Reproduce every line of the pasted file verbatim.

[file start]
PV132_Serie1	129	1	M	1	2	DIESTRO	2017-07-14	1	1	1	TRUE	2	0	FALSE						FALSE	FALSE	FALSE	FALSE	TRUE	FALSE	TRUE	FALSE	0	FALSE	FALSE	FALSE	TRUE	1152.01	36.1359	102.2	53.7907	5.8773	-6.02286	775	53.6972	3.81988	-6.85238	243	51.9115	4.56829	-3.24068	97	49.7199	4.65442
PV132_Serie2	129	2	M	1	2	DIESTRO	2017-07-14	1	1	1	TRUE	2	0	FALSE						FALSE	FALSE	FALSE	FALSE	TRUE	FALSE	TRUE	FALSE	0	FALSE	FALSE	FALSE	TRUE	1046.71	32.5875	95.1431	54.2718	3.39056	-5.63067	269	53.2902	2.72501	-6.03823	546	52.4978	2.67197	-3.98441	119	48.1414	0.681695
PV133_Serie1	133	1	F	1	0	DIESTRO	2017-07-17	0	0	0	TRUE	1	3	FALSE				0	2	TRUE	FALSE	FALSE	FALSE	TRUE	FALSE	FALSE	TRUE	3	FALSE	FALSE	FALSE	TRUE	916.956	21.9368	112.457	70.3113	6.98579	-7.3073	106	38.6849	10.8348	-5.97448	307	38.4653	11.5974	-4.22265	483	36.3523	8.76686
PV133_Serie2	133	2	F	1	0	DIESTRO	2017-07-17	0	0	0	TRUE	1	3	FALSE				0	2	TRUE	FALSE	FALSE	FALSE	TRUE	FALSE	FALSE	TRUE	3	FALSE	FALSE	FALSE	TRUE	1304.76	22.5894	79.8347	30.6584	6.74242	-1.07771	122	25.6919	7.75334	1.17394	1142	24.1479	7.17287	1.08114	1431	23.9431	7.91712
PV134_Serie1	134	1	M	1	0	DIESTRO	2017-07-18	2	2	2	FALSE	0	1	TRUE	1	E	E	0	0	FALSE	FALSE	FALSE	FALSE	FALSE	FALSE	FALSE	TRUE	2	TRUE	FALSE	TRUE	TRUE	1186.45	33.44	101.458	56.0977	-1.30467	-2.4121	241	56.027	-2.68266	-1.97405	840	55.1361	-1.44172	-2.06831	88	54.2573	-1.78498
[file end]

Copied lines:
PV132_Serie1	129	1	M	1	2	DIESTRO	2017-07-14	1	1	1	TRUE	2	0	FALSE						FALSE	FALSE	FALSE	FALSE	TRUE	FALSE	TRUE	FALSE	0	FALSE	FALSE	FALSE	TRUE	1152.01	36.1359	102.2	53.7907	5.8773	-6.02286	775	53.6972	3.81988	-6.85238	243	51.9115	4.56829	-3.24068	97	49.7199	4.65442
PV132_Serie2	129	2	M	1	2	DIESTRO	2017-07-14	1	1	1	TRUE	2	0	FALSE						FALSE	FALSE	FALSE	FALSE	TRUE	FALSE	TRUE	FALSE	0	FALSE	FALSE	FALSE	TRUE	1046.71	32.5875	95.1431	54.2718	3.39056	-5.63067	269	53.2902	2.72501	-6.03823	546	52.4978	2.67197	-3.98441	119	48.1414	0.681695
PV133_Serie1	133	1	F	1	0	DIESTRO	2017-07-17	0	0	0	TRUE	1	3	FALSE				0	2	TRUE	FALSE	FALSE	FALSE	TRUE	FALSE	FALSE	TRUE	3	FALSE	FALSE	FALSE	TRUE	916.956	21.9368	112.457	70.3113	6.98579	-7.3073	106	38.6849	10.8348	-5.97448	307	38.4653	11.5974	-4.22265	483	36.3523	8.76686
PV133_Serie2	133	2	F	1	0	DIESTRO	2017-07-17	0	0	0	TRUE	1	3	FALSE				0	2	TRUE	FALSE	FALSE	FALSE	TRUE	FALSE	FALSE	TRUE	3	FALSE	FALSE	FALSE	TRUE	1304.76	22.5894	79.8347	30.6584	6.74242	-1.07771	122	25.6919	7.75334	1.17394	1142	24.1479	7.17287	1.08114	1431	23.9431	7.91712
PV134_Serie1	134	1	M	1	0	DIESTRO	2017-07-18	2	2	2	FALSE	0	1	TRUE	1	E	E	0	0	FALSE	FALSE	FALSE	FALSE	FALSE	FALSE	FALSE	TRUE	2	TRUE	FALSE	TRUE	TRUE	1186.45	33.44	101.458	56.0977	-1.30467	-2.4121	241	56.027	-2.68266	-1.97405	840	55.1361	-1.44172	-2.06831	88	54.2573	-1.78498